Pirates of Macintosh
Steve Jobs was quick to distance himself from the failure of the Apple Lisa, since in 1980 the then managing director Mike Scott denied him the management of the Lisa team. In an internal competition with the Lisa team, Jobs subsequently acquired the fledgling Macintosh project from Jef Raskin and bet $5,000 that he would bring the Mac to the market before Lisa. Initially, Jobs hounded Raskin out of the group. Then he positioned his team within Apple as rebel troop. They wanted to prove the Lisa team, which enjoyed the confidence of the management, that they could do it.
Above the building of the Mac developers “Bandley III”, a skull and crossbones flag fluttered. “It is better to be a pirate than to go to the Navy,” Jobs said to his developers. Apple investor Arthur Rock became really agitated by this action, “Flying that flag was really stupid. It was telling the rest of the company they were no good.” But Jobs loved it, and he made sure it waved proudly all the way through to the completion of the Mac project. “We were the renegades, and we wanted people to know it,” he recalled. (Isaacson, page 186)
Jobs had assembled a dream team of genius programmers and engineers, whom he urged like a cult leader with flattery and verbal attacks to continually new heights. But the ever-changing demands of Jobs delayed the Mac project, so that the Apple co-founder finally lost his bet against the Lisa team. It was not until the 24th of January 1984, that the Mac was finally ready.
At the public presentation of the new computer model, Jobs recited the song “The Times They Are A-Changin” by Bob Dylan:
Come writers and critics
Who prophesize with your pen
And keep your eyes wide
The chance won’t come again
And don’t speak too soon
For the wheel’s still in spin
And there’s no tellin’ who
That it’s namin’
For the loser now
Will be later to win
For the times they are a-changin’
At this performance, it played a minor role that the launch party of the Mac was officially a shareholder meeting. The 29-year-old entrepreneur was able to take the liberty of doing so. His concept of the enemy was IBM. The East Coast group wanted to conquer the personal computer market by launching the IBM-PC personal computer, which was first developed by companies such as Atari, Commodore, and of course Apple. The Apple co-founder compared IBM to “Big Brother” from George Orwell’s novel “1984”, who by all means wanted to retain his former dominance of the mainframe era in the initially fully underestimated age of the personal computer.
In their most famous television commercials of all time, director Ridley Scott evoked this vision of enslaved IBM users who would be released through the Mac. The Mac would make clear in the clip, why Big Brother IBM would not dominate the world; why “1984 would not be 1984”. Jobs was visibly proud of the achievements they made, and attributes this to his broadly talented employees. “I think part of what made the Macintosh great was that the people working on it were musicians and poets and artists and zoologists and historians who also happened to be the best computer scientists in the world,” Jobs said in a 1995 documentary on the U.S. television network PBS.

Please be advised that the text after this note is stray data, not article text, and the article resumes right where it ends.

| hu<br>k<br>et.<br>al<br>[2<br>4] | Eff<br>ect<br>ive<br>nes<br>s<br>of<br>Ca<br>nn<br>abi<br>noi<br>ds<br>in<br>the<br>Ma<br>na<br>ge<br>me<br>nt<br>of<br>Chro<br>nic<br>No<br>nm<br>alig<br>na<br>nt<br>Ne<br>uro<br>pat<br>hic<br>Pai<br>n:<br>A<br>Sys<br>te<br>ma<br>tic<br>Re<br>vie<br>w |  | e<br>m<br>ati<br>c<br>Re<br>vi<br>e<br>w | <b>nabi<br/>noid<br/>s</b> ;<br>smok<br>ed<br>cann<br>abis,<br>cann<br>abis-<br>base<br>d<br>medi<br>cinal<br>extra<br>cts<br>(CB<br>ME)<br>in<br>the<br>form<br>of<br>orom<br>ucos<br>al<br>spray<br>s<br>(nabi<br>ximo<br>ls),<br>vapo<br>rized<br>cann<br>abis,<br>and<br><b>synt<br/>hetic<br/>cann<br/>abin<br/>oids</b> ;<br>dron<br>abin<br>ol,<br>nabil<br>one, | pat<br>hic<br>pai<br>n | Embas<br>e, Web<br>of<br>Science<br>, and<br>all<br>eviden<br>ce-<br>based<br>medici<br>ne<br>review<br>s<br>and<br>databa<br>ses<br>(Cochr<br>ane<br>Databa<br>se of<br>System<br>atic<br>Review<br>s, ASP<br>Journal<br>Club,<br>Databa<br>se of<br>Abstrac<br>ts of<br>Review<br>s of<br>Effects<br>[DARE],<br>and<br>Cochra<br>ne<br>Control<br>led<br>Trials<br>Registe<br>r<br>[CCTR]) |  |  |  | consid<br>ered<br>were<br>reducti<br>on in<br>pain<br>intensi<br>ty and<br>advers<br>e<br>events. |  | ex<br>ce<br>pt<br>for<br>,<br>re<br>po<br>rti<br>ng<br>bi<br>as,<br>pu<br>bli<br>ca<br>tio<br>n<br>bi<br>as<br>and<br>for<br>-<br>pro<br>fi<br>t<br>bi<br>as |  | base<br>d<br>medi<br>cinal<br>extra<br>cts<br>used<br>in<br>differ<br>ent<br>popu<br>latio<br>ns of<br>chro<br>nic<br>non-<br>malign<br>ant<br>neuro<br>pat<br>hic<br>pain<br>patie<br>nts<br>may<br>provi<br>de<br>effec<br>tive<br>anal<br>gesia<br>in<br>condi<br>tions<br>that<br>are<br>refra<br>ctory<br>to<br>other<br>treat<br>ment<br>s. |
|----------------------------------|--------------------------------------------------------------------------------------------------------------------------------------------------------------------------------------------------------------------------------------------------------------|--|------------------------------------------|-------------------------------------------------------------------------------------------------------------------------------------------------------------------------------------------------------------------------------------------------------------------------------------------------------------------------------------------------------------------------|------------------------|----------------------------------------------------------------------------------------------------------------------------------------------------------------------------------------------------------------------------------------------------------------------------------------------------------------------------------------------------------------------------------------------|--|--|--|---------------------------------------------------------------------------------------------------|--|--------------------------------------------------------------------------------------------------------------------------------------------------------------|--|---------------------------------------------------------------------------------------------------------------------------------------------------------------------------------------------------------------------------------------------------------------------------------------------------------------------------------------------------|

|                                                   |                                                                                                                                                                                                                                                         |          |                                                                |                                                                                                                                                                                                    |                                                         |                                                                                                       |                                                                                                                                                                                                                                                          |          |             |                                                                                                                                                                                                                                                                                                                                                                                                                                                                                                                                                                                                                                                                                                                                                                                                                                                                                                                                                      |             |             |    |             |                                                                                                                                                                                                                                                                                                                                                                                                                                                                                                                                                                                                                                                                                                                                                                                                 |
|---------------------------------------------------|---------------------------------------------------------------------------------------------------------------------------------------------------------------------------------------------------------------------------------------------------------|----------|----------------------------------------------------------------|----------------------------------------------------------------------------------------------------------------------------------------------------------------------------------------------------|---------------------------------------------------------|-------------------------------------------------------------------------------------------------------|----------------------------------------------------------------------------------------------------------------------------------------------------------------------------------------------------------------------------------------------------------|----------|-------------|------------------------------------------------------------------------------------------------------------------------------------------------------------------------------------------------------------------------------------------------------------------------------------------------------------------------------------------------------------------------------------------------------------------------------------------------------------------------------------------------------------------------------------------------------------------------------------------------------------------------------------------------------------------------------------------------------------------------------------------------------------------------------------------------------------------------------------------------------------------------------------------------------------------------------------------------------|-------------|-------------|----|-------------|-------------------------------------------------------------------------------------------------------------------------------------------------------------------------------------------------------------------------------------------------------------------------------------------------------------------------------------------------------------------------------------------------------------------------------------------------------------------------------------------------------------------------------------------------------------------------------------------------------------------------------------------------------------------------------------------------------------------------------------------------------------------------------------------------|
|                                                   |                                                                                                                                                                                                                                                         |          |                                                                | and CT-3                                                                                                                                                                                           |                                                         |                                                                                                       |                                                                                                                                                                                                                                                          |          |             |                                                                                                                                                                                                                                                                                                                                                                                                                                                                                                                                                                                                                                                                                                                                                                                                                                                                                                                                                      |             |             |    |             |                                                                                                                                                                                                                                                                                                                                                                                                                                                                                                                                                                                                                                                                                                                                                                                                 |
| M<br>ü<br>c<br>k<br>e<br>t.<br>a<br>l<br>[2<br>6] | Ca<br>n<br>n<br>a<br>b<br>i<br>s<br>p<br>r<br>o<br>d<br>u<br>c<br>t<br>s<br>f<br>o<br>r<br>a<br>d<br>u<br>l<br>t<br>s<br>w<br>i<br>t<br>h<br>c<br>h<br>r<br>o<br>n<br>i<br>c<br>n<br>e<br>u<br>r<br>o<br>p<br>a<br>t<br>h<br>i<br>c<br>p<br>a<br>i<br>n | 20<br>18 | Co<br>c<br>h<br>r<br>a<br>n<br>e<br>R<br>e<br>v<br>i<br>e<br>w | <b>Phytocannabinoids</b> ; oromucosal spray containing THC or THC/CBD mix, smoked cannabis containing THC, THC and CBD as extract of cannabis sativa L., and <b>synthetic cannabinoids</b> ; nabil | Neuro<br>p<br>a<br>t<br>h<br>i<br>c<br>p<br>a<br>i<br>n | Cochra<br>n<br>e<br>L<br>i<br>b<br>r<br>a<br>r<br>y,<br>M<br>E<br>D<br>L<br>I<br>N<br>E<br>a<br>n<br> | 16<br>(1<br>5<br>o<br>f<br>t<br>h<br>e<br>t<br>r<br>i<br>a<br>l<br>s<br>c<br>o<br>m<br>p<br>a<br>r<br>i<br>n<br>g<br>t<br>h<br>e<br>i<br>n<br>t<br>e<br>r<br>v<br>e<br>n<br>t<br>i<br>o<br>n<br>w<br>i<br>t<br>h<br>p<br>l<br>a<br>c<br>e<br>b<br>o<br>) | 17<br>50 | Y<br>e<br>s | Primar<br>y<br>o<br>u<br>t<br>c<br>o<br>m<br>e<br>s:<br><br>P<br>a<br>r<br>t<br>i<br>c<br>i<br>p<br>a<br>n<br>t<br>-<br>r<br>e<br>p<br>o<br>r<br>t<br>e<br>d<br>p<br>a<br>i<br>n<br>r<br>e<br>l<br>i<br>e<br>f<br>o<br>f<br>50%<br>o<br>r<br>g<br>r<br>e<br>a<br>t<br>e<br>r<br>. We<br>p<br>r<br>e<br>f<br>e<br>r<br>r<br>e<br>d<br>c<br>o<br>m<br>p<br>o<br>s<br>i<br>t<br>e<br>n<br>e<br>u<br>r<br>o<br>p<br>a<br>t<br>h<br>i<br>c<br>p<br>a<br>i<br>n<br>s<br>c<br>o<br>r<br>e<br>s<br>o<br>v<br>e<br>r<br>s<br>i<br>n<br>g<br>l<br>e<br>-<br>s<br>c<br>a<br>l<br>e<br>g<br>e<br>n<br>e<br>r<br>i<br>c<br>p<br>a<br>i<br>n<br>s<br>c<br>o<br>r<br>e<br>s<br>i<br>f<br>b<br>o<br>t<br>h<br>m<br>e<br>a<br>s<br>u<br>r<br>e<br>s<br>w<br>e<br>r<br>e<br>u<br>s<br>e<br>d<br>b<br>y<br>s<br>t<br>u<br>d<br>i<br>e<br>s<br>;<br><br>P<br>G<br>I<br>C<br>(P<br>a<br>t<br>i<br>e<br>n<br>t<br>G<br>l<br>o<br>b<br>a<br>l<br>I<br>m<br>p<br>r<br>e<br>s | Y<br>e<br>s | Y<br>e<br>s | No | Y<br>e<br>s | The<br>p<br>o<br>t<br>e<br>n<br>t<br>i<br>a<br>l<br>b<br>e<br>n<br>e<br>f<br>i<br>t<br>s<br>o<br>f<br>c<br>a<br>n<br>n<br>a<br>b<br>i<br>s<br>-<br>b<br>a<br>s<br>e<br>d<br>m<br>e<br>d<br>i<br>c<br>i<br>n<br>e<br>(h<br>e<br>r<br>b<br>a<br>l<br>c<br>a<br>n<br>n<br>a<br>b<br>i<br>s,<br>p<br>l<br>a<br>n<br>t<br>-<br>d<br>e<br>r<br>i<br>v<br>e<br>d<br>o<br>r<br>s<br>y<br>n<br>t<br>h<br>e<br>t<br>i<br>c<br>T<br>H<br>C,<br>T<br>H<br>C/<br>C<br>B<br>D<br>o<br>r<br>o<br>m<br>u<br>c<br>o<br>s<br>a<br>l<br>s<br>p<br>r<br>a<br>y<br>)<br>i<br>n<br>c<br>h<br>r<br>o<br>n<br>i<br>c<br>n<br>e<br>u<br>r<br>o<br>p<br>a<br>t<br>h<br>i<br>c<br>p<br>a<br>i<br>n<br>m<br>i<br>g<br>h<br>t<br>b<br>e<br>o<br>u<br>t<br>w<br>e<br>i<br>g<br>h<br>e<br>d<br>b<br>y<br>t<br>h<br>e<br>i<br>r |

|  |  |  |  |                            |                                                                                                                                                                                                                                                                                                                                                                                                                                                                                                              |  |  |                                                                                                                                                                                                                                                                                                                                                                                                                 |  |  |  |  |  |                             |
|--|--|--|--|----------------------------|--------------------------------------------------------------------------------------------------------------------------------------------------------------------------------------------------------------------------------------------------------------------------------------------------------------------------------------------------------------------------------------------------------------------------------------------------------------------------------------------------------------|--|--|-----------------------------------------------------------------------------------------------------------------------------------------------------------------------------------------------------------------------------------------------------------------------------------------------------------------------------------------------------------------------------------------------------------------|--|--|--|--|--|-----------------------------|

Difficult start for the Mac
With the Macintosh, Steve Jobs had set a new milestone in computer development. But Apple had to first overcome a long dry spell in order to make a commercial breakthrough. This was also due to the fact that the first Mac model was only equipped with 128 kilobytes of main memory which was far too little. At that time, Apple Fellow Alan Kay described the Mac as a “Honda with a one-gallon gas tank.”
Furthermore, applications such as Aldus Pagemaker or peripheral devices such as laser printers, which could use the advantages of Mac GUI in desktop publishing, did not exist yet.
“The original 128K Mac had too many problems to list,” wrote Jack Schofield from the Guardian 20 years later in an article about the 20th anniversary of the apple Macintosh. “It had too little software, you couldn’t expand it (no hard drive, no SCSI port, no ADB port, no expansion slots), it was horribly underpowered and absurdly overpriced. The way MacWrite and MacPaint worked together was brilliant, but producing anything more than a short essay was a huge struggle. Just copying a floppy was a nightmare.”
In the fall of 1984, Apple CEO John Sculley accused Jobs of ignoring Mac sales problems, which also had technical causes. Poor features of the first Mac model caused it to be slow. In addition, users had to constantly change between the system and program disks, because the Mac did not have a second floppy drive or hard disk. “I had given greater power than he had ever had and I created a monster,” Sculley later wrote in his book “Odyssey.” In April 1985 the conflict escalated.
In a two-day marathon meeting, Sculley demanded that Jobs should give up his position as Apple vice president and general manager of the Macintosh team. Sculley wanted Steve Jobs to become Apple’s new chairman and represent the company on the outside, without having influence on the core business. When Jobs got wind of Sculley’s plan to disempower him, he attempted to organize a coup in the Apple board. Sculley defended himself and told the board: “I said look, it’s Steve’s company, I was brought in here to help you know, if you want him to run it that’s fine with me but you know we’ve at least got to decide what we’re going to do and everyone has got to get behind it.” The majority of the board stood behind the former Pepsi manager and turned away from Steve Jobs.
Read next page: Steve Jobs loses the showdown